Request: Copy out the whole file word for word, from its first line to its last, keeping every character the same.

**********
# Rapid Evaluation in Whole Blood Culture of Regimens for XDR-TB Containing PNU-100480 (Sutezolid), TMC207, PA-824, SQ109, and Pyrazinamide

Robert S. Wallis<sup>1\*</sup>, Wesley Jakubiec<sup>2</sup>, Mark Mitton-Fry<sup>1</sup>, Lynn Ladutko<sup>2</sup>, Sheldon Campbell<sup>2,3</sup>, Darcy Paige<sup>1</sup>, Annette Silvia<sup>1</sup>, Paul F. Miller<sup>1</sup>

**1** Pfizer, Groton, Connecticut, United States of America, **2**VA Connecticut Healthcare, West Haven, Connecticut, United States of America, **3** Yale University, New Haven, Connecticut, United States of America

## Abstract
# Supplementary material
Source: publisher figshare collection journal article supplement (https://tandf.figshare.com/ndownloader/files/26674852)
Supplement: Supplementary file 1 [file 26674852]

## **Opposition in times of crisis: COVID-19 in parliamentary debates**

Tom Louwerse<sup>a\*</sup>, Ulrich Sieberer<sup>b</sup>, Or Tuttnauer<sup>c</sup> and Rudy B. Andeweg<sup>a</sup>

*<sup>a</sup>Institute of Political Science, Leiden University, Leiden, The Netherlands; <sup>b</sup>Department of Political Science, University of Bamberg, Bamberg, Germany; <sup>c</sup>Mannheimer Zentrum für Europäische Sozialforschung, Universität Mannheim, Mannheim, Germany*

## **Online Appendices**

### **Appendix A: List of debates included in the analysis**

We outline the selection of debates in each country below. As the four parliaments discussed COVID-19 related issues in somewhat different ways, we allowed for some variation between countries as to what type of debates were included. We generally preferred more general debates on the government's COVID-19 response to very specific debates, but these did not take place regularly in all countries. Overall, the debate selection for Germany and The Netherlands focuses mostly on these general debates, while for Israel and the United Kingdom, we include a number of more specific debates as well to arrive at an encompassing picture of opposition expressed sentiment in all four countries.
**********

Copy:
# Rapid Evaluation in Whole Blood Culture of Regimens for XDR-TB Containing PNU-100480 (Sutezolid), TMC207, PA-824, SQ109, and Pyrazinamide

Robert S. Wallis<sup>1\*</sup>, Wesley Jakubiec<sup>2</sup>, Mark Mitton-Fry<sup>1</sup>, Lynn Ladutko<sup>2</sup>, Sheldon Campbell<sup>2,3</sup>, Darcy Paige<sup>1</sup>, Annette Silvia<sup>1</sup>, Paul F. Miller<sup>1</sup>

**1** Pfizer, Groton, Connecticut, United States of America, **2**VA Connecticut Healthcare, West Haven, Connecticut, United States of America, **3** Yale University, New Haven, Connecticut, United States of America

## Abstract
# Supplementary material
Source: publisher figshare collection journal article supplement (https://tandf.figshare.com/ndownloader/files/26674852)
Supplement: Supplementary file 1 [file 26674852]

## **Opposition in times of crisis: COVID-19 in parliamentary debates**

Tom Louwerse<sup>a\*</sup>, Ulrich Sieberer<sup>b</sup>, Or Tuttnauer<sup>c</sup> and Rudy B. Andeweg<sup>a</sup>

*<sup>a</sup>Institute of Political Science, Leiden University, Leiden, The Netherlands; <sup>b</sup>Department of Political Science, University of Bamberg, Bamberg, Germany; <sup>c</sup>Mannheimer Zentrum für Europäische Sozialforschung, Universität Mannheim, Mannheim, Germany*

## **Online Appendices**

### **Appendix A: List of debates included in the analysis**

We outline the selection of debates in each country below. As the four parliaments discussed COVID-19 related issues in somewhat different ways, we allowed for some variation between countries as to what type of debates were included. We generally preferred more general debates on the government's COVID-19 response to very specific debates, but these did not take place regularly in all countries. Overall, the debate selection for Germany and The Netherlands focuses mostly on these general debates, while for Israel and the United Kingdom, we include a number of more specific debates as well to arrive at an encompassing picture of opposition expressed sentiment in all four countries.